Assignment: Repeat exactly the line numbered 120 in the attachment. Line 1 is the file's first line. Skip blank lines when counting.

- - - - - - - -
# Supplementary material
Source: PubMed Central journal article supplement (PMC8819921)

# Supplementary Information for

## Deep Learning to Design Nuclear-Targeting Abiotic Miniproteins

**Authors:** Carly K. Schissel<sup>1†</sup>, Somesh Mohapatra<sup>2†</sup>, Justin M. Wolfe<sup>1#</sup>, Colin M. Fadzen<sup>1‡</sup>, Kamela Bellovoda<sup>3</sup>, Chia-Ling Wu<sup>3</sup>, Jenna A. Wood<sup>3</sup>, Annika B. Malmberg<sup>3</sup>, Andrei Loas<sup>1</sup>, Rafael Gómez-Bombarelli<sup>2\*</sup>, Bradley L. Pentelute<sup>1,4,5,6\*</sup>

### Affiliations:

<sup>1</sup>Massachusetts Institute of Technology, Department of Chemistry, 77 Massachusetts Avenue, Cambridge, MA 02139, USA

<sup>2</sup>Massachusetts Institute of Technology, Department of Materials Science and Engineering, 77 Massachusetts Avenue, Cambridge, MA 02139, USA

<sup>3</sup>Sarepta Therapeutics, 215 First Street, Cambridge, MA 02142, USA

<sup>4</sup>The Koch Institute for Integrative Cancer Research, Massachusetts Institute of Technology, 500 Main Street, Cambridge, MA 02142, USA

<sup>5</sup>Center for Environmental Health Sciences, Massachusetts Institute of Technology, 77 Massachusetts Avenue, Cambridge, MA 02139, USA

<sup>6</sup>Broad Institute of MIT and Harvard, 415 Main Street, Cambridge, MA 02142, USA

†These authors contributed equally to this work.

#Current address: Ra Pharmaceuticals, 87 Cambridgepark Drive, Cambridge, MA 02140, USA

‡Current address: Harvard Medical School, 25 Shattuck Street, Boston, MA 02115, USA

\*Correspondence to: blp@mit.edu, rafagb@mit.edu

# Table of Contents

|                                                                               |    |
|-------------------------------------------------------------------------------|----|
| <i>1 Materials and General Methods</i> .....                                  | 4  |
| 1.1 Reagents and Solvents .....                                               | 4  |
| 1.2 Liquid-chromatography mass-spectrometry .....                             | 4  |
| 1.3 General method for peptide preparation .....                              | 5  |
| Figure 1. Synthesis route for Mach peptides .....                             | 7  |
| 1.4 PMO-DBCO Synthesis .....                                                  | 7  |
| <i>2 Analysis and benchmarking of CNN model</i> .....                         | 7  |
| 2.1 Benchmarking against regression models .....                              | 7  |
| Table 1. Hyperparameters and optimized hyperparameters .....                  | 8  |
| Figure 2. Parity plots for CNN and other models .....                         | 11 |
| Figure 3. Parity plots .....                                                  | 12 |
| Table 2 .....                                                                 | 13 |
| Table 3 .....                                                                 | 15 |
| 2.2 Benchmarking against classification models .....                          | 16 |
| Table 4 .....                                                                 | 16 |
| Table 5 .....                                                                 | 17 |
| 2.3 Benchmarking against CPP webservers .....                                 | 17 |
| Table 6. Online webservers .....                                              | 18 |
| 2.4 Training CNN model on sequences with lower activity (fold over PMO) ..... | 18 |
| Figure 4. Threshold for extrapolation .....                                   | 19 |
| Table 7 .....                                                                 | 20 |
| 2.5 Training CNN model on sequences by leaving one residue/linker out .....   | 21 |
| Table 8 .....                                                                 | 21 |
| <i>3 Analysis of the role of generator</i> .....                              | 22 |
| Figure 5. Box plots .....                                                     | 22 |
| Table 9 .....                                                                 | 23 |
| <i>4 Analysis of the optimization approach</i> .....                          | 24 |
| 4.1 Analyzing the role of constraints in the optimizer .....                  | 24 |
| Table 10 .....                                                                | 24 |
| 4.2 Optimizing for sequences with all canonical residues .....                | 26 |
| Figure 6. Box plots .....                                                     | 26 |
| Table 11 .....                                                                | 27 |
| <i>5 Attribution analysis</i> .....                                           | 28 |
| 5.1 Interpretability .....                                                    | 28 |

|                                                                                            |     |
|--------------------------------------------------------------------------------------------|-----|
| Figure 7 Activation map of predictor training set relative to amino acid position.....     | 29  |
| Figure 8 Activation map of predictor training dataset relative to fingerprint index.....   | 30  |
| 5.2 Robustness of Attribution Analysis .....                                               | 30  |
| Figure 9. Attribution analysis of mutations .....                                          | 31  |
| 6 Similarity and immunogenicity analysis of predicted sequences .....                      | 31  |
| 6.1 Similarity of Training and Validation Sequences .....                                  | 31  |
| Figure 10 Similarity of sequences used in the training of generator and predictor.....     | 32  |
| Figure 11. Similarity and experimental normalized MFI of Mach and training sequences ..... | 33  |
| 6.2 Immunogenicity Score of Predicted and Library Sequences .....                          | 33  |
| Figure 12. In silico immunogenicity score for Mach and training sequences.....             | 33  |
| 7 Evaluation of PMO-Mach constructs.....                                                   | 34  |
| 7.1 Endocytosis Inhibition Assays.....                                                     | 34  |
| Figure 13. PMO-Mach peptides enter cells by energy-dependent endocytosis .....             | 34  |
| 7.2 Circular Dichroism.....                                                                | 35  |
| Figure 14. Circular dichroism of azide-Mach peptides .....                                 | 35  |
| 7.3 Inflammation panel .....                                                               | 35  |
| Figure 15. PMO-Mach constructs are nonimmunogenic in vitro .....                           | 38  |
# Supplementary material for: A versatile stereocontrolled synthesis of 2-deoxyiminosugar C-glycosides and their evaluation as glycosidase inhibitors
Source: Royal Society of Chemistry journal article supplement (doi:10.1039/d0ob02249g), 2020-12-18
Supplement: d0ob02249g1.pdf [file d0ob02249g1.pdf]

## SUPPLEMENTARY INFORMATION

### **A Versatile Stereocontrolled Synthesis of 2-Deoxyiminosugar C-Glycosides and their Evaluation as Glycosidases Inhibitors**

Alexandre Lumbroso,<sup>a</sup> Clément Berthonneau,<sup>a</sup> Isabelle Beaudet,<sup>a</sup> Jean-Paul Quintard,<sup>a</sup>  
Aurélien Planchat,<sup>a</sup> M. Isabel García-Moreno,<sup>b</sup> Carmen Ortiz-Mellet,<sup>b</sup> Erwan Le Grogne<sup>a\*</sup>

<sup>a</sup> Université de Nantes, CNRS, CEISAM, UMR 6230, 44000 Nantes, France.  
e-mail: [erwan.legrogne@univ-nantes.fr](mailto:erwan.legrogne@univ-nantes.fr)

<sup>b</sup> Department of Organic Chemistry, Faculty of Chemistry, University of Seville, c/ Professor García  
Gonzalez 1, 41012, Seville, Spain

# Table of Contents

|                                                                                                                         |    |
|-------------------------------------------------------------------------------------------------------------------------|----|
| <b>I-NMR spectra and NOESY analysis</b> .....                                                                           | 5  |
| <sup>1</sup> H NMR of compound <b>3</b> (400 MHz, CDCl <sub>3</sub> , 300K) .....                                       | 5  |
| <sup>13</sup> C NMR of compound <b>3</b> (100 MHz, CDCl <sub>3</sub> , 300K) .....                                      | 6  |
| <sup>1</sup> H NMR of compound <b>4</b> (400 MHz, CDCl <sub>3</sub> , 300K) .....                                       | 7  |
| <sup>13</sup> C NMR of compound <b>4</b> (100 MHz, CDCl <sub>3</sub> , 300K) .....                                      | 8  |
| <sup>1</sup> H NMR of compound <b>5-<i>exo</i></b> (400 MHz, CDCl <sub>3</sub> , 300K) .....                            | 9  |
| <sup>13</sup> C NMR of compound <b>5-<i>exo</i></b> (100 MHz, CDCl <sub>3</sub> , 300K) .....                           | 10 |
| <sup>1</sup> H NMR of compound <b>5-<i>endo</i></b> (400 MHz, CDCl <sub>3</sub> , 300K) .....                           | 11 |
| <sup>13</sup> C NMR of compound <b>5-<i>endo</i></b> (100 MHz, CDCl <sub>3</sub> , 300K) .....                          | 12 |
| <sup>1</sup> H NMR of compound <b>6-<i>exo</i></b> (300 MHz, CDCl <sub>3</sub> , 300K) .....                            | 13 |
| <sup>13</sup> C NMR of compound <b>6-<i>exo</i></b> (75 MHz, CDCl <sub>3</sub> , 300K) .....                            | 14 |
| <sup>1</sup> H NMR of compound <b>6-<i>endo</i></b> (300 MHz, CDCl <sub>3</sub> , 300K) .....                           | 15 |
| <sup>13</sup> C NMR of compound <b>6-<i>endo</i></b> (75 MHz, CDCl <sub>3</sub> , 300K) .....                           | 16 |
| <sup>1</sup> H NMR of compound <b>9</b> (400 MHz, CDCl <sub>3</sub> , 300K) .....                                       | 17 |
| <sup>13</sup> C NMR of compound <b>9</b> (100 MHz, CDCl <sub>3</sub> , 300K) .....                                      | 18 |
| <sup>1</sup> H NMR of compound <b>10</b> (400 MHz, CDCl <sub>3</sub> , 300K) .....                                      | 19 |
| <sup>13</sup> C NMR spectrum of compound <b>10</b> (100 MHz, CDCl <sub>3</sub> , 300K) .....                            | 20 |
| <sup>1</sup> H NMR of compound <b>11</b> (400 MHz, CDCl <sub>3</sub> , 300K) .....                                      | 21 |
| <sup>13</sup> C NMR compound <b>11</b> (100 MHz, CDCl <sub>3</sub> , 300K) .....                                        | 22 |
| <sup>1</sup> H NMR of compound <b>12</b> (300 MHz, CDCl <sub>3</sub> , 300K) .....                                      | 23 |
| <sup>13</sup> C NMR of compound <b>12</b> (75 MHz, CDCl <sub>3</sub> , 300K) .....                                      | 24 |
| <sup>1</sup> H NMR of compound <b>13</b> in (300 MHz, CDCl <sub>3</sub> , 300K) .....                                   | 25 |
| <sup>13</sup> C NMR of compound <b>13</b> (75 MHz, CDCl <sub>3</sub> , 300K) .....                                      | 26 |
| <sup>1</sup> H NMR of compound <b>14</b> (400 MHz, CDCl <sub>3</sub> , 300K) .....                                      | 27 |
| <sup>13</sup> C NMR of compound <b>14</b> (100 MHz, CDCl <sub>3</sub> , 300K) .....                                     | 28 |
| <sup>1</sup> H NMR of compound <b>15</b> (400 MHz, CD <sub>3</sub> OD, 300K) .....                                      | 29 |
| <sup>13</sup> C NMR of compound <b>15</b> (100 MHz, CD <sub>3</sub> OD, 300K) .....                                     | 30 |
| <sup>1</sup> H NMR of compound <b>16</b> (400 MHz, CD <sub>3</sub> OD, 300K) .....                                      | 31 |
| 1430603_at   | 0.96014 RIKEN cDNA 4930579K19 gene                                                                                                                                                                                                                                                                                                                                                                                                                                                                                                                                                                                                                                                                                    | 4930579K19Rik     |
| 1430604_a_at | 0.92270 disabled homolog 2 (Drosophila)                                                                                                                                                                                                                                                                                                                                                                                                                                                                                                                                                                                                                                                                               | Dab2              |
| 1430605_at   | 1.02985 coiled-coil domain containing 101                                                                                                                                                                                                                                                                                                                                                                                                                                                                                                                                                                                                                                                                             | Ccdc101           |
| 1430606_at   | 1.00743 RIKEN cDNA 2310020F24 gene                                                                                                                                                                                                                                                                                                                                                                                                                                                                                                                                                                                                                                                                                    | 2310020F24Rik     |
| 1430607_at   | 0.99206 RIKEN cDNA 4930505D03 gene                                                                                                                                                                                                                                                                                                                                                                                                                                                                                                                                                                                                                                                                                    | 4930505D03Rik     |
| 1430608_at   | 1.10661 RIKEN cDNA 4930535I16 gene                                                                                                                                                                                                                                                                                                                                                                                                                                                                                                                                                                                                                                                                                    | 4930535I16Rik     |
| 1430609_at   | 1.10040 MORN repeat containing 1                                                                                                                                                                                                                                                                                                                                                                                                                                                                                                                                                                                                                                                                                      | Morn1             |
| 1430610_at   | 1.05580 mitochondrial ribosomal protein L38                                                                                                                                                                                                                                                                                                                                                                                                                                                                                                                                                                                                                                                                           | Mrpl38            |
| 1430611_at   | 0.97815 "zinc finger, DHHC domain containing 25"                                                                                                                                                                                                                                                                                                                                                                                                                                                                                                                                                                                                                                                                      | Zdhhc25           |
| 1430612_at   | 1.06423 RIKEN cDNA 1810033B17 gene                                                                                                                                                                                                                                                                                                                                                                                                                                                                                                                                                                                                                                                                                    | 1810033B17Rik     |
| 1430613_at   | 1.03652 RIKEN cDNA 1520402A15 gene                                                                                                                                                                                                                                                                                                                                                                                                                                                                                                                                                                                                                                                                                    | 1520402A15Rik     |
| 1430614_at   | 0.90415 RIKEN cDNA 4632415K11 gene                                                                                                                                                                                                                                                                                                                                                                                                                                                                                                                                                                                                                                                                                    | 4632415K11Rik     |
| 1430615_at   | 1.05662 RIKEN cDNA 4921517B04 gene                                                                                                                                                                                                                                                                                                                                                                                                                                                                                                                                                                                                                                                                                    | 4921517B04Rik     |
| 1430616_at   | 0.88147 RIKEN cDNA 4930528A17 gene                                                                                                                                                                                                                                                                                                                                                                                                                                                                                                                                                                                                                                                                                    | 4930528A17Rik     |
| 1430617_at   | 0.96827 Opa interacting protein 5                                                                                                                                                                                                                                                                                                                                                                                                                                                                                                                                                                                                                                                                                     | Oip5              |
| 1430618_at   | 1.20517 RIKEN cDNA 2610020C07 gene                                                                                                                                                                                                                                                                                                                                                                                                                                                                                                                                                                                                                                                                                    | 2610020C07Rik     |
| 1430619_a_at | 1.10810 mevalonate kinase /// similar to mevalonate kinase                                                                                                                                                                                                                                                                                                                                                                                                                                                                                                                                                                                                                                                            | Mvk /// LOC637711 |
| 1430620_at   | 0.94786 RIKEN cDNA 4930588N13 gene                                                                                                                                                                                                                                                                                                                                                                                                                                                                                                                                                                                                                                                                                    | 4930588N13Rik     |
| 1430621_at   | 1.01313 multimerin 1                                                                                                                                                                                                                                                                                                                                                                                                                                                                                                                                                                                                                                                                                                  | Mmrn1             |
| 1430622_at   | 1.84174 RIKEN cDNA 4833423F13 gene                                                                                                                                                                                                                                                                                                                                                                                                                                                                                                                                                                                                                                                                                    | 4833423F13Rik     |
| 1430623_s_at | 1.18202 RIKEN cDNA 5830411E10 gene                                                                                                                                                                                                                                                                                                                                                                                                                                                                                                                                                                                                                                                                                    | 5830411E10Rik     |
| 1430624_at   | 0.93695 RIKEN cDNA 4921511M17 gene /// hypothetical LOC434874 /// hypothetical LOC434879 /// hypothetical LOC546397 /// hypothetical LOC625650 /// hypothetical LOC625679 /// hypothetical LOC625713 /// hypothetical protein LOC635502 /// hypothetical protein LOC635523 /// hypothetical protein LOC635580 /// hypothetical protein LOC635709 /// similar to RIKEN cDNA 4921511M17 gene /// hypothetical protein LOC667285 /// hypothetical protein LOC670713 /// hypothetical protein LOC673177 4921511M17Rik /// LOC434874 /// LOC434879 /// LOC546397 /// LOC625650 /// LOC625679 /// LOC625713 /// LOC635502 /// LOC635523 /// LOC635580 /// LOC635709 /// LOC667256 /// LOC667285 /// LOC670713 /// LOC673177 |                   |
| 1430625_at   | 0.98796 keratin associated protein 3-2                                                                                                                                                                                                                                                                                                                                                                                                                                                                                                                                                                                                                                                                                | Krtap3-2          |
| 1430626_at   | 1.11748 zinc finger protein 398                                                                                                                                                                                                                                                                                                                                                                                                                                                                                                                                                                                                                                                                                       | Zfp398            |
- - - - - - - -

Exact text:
| 1430608_at   | 1.10661 RIKEN cDNA 4930535I16 gene                                                                                                                                                                                                                                                                                                                                                                                                                                                                                                                                                                                                                                                                                    | 4930535I16Rik     |